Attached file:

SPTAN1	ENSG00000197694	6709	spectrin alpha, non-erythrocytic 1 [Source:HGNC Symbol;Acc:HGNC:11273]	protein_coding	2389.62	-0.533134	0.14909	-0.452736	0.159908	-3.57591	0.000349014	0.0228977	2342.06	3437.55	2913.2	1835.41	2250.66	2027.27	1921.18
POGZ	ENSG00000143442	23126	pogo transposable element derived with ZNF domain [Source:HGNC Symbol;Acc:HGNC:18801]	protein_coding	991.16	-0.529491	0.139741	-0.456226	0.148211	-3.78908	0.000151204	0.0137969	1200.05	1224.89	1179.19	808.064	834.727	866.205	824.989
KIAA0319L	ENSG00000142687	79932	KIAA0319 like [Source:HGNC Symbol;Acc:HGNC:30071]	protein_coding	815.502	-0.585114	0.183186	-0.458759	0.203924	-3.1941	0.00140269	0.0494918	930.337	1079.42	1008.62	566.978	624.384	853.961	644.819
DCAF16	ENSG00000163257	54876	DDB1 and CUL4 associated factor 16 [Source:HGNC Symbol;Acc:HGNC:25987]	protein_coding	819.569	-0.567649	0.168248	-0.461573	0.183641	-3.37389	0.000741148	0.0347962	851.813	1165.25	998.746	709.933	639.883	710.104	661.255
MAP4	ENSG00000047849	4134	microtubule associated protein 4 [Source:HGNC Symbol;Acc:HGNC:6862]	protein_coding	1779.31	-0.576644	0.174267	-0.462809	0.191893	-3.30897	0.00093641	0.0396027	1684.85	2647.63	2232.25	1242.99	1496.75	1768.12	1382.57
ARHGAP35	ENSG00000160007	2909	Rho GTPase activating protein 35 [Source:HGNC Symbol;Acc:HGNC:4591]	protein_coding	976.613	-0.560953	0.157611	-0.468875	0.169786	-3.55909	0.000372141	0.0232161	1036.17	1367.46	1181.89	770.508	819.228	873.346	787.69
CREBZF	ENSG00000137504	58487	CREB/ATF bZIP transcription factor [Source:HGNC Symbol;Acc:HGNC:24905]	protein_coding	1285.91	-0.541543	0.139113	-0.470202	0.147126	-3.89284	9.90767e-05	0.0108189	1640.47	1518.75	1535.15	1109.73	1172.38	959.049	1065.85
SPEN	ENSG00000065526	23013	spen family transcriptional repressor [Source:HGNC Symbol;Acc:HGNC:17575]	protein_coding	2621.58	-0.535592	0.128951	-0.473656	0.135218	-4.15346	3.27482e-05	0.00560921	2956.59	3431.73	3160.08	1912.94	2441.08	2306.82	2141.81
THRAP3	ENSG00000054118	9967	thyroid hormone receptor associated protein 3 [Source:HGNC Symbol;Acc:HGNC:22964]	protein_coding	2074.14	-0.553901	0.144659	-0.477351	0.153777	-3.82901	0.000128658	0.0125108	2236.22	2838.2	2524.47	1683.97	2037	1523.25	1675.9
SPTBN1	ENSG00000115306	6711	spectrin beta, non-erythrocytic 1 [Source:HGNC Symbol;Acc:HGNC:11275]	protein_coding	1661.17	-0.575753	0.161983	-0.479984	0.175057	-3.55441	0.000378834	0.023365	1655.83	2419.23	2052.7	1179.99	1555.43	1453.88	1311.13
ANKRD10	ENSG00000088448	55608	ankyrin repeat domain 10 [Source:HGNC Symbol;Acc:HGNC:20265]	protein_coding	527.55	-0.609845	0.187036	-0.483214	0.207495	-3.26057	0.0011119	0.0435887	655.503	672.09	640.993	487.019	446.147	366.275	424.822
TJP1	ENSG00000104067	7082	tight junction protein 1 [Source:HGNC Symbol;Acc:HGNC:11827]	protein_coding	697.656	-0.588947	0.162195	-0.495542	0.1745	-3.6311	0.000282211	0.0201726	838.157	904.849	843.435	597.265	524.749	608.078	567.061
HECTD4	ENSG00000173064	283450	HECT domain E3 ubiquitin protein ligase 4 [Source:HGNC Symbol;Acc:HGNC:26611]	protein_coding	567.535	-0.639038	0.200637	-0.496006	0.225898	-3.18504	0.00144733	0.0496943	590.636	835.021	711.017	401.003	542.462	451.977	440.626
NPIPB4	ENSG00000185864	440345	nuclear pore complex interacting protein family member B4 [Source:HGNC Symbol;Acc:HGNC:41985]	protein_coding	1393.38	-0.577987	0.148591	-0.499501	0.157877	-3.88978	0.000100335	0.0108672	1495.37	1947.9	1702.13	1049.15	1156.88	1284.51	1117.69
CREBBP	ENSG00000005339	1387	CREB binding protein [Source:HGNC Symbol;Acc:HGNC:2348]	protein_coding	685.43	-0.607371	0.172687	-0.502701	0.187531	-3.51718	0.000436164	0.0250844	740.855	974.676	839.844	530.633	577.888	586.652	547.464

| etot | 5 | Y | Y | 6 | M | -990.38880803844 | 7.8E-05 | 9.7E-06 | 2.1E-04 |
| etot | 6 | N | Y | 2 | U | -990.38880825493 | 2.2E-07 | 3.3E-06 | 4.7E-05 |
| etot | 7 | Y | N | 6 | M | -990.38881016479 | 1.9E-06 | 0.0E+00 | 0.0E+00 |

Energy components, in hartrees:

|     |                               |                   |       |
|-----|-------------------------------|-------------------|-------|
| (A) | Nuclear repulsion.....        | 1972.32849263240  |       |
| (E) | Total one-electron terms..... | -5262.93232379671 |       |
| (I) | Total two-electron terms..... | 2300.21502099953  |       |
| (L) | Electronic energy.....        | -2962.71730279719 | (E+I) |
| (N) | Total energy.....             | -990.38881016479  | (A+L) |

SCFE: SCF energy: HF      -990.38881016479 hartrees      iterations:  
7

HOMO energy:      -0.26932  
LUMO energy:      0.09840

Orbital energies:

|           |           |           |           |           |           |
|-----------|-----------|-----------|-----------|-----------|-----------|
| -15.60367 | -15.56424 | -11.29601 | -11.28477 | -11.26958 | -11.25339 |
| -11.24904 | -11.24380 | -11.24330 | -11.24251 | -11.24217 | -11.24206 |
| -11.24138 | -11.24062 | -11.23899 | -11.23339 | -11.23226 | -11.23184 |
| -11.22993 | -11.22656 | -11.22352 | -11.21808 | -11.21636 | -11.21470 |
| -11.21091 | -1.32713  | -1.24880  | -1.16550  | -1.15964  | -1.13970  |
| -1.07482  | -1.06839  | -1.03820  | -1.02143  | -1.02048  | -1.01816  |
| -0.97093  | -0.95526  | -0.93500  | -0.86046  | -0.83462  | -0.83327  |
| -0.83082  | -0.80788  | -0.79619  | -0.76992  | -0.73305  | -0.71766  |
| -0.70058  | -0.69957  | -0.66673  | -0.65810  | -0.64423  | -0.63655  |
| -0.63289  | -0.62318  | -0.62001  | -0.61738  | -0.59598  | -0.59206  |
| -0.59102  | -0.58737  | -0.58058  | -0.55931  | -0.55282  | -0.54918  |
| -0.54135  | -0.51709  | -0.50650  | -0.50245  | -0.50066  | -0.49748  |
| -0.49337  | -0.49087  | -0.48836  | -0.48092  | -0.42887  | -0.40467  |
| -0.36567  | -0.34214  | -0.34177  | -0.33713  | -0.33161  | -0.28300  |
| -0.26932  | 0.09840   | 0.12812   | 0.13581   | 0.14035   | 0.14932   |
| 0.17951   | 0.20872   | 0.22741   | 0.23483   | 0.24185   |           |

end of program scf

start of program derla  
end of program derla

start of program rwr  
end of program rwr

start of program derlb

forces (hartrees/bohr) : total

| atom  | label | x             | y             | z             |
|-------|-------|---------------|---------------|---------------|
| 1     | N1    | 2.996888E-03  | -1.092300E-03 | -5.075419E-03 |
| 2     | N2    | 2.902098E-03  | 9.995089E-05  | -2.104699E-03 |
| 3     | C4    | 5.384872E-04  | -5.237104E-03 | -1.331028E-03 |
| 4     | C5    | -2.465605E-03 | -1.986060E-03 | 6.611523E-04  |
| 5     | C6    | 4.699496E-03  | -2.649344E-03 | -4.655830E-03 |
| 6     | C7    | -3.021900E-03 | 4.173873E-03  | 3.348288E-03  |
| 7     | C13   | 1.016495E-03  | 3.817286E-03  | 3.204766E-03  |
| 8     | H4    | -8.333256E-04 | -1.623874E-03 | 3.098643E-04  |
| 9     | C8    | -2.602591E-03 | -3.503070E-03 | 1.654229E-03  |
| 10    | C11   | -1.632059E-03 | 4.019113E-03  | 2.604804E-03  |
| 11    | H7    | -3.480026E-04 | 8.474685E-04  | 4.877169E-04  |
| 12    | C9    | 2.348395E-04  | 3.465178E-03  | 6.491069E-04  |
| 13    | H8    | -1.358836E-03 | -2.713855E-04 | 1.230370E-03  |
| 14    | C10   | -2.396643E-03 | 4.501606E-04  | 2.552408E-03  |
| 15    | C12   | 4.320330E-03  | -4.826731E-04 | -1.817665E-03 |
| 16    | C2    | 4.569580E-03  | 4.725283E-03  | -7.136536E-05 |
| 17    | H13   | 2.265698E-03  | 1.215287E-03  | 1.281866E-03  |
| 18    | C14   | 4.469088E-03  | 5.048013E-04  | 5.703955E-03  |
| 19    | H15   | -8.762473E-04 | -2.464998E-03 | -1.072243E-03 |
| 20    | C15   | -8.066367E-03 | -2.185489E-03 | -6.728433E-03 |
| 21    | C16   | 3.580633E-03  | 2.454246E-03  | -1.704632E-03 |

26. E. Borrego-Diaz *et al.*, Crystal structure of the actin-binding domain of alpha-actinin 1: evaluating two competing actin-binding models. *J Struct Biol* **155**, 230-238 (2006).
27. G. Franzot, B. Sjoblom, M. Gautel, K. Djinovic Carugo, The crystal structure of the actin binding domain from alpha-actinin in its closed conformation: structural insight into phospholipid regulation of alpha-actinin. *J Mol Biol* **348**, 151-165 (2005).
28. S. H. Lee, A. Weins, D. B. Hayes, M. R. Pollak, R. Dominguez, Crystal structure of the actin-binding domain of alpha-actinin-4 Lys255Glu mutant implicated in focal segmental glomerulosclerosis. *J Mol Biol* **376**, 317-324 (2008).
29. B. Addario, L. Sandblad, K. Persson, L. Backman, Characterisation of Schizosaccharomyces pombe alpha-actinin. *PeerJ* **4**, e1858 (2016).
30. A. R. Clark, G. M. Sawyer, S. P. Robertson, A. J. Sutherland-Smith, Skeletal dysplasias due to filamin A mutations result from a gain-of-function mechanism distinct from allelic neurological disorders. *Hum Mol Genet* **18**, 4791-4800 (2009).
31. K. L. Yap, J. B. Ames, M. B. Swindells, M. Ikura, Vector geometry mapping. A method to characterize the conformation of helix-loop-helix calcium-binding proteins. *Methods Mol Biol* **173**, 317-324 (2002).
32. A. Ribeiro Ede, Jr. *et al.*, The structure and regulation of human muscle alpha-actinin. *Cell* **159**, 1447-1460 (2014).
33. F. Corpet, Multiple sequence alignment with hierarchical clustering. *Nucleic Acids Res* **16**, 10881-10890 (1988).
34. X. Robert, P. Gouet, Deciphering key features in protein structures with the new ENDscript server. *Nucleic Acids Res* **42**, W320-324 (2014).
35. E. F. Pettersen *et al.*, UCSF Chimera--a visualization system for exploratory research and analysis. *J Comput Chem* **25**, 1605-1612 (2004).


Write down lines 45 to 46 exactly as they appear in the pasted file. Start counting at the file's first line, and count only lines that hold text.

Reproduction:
| -0.54135  | -0.51709  | -0.50650  | -0.50245  | -0.50066  | -0.49748  |
| -0.49337  | -0.49087  | -0.48836  | -0.48092  | -0.42887  | -0.40467  |